What Happens to Your Property if You Don’t Have a Will?

Wooden house with background nature - property when there is no will concept
Having a last will and testament in place ensures your property will be distributed in accordance with your wishes when you pass away. However, you might be wondering what happens to property when there is no will. In cases where a person did not leave behind a will or any estate planning documents, state law will dictate the outcome.

How Does Property Transfer After Death if There is No Will?

If you pass away without a will, it is referred to as “dying intestate.” This means that you did not leave any enforceable legal instructions for what should happen to your property when you pass away. In these cases, the probate court will determine what happens to your property. Under Oregon intestate law, what happens to property when there is no will left behind depends upon who your survivors are. For example, if you pass away and leave behind:
  • Children but no spouse — your children would inherit all of your intestate property
  • Spouse but no descendants — your spouse inherits everything
  • Spouse and descendants from you and that spouse — your spouse inherits all your property
  • Spouse and one or more descendants from you and someone other than your spouse — your spouse would inherit half of your intestate property and descendants inherit everything else
  • Parents but no spouse or descendants — your parents inherit everything
  • Siblings but no spouse, descendants, or parents — your siblings inherit all your intestate property
Once the judge decides how property should be transferred after death, there are certain procedures and formalities that must be followed. Depending on the property, a new title may need to be issued for property in order to pass to a subsequent owner.

What Happens to the House When the Owner Passes Away?

A house cannot remain in a deceased person’s name. Ownership must be transferred according to the terms of their last will and testament — or by intestate law. After the new owner has been determined, that individual must file a new deed with the county recorder’s office. Doing so will usually require a copy of the death certificate and a statement from the probate court. Transferring ownership is meant to ensure the new property owner pays their property taxes and utility bills. If the property was owned jointly, the house will typically pass to the surviving owner. In the event the owner of a house passes away with no heirs, the probate court will identify the closest family member who is still living. If there are no surviving relatives or a will to dictate property distribution, the property would go to the state.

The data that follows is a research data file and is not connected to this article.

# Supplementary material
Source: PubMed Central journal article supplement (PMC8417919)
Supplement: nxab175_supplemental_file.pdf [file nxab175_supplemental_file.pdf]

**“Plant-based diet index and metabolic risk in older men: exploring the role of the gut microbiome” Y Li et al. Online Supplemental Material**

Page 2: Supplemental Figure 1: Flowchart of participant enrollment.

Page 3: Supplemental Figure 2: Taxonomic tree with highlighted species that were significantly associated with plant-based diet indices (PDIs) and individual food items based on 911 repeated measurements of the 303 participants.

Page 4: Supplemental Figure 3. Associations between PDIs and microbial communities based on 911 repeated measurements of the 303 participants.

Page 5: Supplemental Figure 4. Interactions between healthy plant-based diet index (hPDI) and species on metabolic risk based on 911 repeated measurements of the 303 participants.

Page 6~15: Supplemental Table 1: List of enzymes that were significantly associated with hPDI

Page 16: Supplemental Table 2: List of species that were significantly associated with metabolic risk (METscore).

How Can You Avoid Property Transfer in Probate?

Your property can be protected from probate — and distributed in accordance with your wishes — with a comprehensive estate plan. Although a last will and testament does not avoid probate, putting your property into a trust can. In addition, there are a number of other estate planning tools that can be used to help your family avoid going through the lengthy, costly, and public probate process. Specifically, property transfer in probate can be avoided by using the following legal tools:
  • Living trusts — Under Oregon law, a living trust can be used to avoid probate for nearly any asset you own. This includes real estate, vehicles, bank accounts, and more. To set up a living trust, you will need to create a trust document that names someone to take over as successor trustee after your passing. Then, you must transfer ownership of the assets to yourself as the trustee. Upon your passing, the successor trustee can transfer the property to the trust beneficiaries while avoiding the need for probate proceedings.
  • Joint ownership — If you own property jointly with another person that includes a “right of survivorship,” the property automatically goes to the surviving owner upon the other’s passing. In Oregon, joint ownership can take the form of a joint tenancy or a tenancy by the entirety. However, a tenancy by the entirety can only be used for real estate belonging to married couples.
  • Payable-on-death designations — A payable-on-death designation can be used for bank accounts, savings accounts, and certificates of deposit. This allows you to continue to control the account during your lifetime and spend it in any way you wish. At the time of your passing, a beneficiary can claim the money directly from the bank without probate court proceedings.
  • Transfer-on-death registration for securities — Stocks, bonds, and brokerage accounts can be registered in transfer-on-death form. This eliminates the need for probate court proceedings and allows the beneficiary to deal with the brokerage company directly to transfer the account.
  • Transfer-on-death deeds — With a transfer-on-death deed, you sign and record the deed during your lifetime, but it only takes effect after your passing. The property can be sold at any time while you are alive. The beneficiary has no rights to the property until the time of your death.
The tools you use will depend upon the type of property and your goals. It’s a good idea to consult with an experienced estate planning attorney who can advise you which tools would be best for your situation, based on your specific objectives.

Contact an Experienced Oregon Estate Planning Attorney

If you are concerned about what will happen to your property if you don’t have a will, a skillful attorney can guide you through the estate planning process. Based in Salem, Litowich Law provides clients throughout Oregon with knowledgeable counsel for a wide variety of trusts and estates matters. We welcome you to contact us to schedule a consultation to learn how we can help.
Categories: Estate Planning